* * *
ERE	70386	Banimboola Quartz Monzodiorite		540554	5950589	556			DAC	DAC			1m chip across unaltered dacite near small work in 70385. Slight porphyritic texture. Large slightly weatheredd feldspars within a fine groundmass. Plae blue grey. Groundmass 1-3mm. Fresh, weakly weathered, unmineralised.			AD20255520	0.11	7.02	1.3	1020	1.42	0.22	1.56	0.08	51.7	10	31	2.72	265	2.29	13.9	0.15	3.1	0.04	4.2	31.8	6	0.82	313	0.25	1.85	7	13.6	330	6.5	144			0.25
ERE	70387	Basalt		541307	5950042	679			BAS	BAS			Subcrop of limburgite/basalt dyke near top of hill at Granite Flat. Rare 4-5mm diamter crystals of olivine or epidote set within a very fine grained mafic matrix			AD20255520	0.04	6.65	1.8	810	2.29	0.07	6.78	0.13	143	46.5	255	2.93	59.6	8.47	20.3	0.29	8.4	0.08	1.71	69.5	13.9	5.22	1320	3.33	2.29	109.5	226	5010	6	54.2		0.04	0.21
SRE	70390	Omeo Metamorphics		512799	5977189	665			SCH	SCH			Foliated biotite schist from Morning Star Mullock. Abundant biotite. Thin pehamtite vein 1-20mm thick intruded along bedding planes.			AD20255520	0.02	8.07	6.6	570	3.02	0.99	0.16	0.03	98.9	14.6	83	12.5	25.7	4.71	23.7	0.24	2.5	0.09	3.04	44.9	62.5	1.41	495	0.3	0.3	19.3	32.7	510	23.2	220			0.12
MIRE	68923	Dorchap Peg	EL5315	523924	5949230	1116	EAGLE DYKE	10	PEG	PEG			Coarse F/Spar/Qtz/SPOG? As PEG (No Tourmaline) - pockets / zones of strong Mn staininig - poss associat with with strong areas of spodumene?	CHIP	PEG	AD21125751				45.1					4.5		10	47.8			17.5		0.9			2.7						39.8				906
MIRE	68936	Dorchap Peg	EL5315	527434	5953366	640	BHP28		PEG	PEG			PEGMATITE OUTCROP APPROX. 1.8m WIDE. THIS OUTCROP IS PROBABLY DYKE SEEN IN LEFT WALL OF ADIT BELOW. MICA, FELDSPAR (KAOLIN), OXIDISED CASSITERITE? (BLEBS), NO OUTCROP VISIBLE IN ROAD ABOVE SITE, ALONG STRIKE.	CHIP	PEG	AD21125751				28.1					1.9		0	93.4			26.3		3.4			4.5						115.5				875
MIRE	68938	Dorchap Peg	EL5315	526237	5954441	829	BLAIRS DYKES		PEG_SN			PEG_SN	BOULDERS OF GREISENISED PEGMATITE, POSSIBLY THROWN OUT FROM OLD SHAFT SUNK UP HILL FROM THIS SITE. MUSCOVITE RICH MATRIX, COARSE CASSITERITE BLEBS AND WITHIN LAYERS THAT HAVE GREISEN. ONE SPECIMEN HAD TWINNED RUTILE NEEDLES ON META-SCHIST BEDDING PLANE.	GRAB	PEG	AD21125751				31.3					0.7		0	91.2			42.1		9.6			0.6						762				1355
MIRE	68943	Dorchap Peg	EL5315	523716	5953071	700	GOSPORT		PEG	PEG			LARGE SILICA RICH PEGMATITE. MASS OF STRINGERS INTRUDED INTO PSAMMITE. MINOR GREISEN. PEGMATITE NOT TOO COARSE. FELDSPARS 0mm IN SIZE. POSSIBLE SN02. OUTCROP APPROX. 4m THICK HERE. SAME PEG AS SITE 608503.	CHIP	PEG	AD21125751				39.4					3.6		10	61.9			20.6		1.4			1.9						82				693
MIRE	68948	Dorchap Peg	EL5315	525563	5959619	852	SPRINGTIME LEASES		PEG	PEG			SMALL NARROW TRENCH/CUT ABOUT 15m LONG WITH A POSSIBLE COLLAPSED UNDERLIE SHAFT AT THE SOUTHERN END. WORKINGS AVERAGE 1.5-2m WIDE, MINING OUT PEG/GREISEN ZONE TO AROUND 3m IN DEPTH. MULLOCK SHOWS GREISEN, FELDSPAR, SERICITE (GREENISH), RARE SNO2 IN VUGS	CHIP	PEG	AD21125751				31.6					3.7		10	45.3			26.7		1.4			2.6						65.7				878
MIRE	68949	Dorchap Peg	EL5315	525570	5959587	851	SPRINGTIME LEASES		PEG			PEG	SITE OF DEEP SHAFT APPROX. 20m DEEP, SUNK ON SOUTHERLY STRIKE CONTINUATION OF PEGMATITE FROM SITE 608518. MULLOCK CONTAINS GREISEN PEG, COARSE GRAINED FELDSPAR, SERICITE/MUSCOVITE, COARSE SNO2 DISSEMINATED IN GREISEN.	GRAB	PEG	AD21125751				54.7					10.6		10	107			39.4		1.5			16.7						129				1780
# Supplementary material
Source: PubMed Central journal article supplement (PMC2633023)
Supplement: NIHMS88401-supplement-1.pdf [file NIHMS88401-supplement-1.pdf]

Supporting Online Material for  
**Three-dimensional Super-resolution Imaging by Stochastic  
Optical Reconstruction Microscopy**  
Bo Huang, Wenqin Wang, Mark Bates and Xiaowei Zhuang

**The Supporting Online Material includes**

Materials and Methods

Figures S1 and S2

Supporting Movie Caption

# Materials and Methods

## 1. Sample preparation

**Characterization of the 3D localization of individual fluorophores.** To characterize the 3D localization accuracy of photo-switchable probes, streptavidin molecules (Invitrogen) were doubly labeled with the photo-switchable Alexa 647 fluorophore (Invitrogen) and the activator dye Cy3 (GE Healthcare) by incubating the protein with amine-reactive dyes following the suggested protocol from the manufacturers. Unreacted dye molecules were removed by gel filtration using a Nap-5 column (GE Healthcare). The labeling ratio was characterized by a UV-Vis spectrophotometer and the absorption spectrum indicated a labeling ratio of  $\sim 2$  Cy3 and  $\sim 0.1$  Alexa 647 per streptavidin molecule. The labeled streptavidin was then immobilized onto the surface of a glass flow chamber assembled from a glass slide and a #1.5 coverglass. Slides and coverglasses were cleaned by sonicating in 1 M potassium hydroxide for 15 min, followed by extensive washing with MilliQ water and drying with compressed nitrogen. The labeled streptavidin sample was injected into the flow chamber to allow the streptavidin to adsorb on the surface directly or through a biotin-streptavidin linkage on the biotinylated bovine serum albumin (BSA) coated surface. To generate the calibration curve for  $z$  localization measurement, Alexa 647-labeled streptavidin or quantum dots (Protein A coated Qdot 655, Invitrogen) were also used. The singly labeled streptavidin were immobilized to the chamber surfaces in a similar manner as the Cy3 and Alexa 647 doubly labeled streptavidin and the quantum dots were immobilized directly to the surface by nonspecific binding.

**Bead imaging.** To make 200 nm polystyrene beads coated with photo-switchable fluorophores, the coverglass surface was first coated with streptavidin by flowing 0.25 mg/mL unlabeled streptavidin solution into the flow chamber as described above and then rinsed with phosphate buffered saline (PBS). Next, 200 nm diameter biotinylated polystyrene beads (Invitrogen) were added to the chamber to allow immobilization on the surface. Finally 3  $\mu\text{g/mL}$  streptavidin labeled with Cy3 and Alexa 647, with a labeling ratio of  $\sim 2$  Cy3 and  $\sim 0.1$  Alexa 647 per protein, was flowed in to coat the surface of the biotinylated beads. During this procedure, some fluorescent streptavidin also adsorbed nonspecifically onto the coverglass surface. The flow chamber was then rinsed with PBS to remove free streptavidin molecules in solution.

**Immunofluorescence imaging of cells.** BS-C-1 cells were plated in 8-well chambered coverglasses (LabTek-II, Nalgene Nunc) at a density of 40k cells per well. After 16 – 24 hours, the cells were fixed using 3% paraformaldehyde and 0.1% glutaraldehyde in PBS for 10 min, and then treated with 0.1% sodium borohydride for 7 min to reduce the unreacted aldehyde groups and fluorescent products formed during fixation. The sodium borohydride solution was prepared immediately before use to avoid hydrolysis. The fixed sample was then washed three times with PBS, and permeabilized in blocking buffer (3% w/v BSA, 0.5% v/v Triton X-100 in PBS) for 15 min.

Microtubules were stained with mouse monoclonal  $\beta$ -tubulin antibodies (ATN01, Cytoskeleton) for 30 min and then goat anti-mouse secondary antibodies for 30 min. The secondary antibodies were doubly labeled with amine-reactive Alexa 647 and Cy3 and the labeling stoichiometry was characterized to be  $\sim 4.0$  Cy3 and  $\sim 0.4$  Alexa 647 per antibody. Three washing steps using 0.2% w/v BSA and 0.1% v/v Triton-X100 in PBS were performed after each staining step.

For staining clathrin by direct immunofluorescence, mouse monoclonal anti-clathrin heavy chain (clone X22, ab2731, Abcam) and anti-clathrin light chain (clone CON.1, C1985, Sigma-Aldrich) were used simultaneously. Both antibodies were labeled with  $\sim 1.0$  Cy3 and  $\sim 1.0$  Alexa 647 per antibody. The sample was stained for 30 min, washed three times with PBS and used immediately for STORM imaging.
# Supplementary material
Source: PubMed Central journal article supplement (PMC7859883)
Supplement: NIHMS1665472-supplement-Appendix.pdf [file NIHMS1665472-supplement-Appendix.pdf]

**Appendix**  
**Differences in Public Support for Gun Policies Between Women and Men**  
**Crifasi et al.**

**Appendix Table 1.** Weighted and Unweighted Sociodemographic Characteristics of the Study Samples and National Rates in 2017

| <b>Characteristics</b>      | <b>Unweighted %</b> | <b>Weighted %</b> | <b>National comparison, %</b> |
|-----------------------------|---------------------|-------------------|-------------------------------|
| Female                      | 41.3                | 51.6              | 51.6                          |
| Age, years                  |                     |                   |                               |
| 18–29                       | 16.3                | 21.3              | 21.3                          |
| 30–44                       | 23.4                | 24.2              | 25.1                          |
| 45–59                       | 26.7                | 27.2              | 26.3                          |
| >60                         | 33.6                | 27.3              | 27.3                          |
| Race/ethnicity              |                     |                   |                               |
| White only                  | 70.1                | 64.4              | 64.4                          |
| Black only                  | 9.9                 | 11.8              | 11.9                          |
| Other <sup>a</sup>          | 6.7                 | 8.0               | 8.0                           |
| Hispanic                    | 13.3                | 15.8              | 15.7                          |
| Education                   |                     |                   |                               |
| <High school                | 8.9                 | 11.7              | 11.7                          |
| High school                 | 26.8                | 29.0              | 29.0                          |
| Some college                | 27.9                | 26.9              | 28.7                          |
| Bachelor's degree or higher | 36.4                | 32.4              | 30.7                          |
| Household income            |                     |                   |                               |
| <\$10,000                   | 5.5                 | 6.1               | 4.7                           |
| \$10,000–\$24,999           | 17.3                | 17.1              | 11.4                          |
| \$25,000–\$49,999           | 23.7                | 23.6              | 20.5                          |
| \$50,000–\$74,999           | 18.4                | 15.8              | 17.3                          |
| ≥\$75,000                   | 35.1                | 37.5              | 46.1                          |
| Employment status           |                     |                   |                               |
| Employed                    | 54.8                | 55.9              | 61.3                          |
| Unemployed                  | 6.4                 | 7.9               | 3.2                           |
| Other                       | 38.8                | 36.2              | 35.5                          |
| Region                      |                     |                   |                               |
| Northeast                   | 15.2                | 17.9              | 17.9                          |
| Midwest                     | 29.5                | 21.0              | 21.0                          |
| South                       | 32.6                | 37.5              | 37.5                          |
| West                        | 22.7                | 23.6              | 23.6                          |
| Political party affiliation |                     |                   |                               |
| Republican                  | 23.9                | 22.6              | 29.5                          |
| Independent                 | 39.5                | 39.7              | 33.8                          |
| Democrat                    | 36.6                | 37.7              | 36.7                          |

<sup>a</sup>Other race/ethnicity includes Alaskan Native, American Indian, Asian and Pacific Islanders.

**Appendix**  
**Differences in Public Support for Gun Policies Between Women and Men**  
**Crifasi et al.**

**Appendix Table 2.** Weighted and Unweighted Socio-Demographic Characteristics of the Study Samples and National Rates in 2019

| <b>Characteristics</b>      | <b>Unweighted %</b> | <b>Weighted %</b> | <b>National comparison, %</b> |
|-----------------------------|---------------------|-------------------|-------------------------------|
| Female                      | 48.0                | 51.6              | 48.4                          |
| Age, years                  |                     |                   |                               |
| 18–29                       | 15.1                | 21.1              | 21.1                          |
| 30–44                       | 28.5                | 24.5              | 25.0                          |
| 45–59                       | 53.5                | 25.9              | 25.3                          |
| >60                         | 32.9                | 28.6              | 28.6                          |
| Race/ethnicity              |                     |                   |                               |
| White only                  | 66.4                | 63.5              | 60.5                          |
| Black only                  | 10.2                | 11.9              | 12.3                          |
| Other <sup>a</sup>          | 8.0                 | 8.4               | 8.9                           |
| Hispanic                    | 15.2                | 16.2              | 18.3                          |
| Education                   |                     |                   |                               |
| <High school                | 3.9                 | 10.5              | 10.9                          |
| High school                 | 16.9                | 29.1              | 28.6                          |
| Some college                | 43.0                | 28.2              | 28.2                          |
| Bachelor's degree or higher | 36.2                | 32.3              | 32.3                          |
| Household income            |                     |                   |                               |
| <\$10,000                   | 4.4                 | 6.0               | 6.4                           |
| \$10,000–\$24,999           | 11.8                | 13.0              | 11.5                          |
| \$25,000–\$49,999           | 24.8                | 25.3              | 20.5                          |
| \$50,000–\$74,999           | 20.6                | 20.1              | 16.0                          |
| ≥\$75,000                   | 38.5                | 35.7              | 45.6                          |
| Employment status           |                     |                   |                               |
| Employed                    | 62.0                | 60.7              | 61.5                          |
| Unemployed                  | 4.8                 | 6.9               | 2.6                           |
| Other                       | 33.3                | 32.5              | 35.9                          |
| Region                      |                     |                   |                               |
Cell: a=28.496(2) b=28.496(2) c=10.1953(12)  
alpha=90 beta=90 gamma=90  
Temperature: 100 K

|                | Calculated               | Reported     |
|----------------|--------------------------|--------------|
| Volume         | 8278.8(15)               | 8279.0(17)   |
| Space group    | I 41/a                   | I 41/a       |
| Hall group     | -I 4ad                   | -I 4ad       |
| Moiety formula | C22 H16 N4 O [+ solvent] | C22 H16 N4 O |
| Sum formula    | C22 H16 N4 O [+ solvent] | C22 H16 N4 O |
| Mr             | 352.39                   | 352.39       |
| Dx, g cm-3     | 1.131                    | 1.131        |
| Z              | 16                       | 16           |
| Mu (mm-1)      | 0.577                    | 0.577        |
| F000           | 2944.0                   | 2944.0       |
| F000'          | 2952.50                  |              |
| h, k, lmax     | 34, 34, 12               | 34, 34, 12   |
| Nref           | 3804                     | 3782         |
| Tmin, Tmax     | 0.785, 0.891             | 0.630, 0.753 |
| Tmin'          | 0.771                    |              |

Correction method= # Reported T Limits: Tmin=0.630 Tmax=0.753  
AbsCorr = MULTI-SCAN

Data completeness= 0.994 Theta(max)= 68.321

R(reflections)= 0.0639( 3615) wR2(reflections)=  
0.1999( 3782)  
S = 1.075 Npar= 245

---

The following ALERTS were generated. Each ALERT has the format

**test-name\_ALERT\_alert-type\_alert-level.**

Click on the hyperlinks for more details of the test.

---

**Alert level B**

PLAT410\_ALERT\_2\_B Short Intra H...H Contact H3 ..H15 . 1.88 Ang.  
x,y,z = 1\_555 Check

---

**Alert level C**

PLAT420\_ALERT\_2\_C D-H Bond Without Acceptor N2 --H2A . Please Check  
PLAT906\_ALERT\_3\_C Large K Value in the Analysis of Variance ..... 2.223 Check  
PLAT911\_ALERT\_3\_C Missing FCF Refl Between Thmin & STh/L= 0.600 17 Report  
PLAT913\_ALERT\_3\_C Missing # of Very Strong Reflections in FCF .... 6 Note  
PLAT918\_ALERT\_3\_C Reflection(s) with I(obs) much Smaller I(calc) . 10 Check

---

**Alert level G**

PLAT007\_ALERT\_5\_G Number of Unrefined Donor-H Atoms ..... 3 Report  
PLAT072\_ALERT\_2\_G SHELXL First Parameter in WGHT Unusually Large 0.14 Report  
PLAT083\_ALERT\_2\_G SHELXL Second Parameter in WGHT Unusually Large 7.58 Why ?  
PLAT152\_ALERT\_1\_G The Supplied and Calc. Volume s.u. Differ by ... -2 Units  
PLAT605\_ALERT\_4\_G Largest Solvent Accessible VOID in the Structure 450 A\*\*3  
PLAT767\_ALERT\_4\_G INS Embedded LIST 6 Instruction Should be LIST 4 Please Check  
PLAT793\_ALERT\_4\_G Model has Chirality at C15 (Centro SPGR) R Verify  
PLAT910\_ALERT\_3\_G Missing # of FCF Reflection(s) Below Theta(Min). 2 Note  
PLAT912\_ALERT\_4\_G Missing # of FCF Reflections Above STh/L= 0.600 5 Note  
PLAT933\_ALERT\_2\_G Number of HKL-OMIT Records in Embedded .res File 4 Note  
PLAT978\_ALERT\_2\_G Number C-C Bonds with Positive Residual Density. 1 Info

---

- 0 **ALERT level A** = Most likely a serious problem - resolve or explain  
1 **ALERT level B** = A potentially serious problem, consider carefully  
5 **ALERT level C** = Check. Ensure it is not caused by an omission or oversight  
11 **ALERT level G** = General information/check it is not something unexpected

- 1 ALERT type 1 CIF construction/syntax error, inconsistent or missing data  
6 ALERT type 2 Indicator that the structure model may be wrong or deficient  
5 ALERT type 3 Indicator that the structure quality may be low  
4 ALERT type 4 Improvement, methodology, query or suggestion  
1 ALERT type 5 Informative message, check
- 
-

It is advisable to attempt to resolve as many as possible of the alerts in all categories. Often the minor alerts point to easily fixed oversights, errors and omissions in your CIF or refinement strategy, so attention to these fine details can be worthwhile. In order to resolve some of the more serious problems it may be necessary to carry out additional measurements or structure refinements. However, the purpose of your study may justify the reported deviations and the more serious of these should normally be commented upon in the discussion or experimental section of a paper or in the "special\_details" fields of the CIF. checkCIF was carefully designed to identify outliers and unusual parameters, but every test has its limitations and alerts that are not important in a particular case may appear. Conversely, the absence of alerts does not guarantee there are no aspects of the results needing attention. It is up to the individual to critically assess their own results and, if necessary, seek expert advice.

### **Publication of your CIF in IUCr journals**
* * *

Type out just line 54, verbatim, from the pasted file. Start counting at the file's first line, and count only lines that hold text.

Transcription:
| <\$10,000                   | 5.5                 | 6.1               | 4.7                           |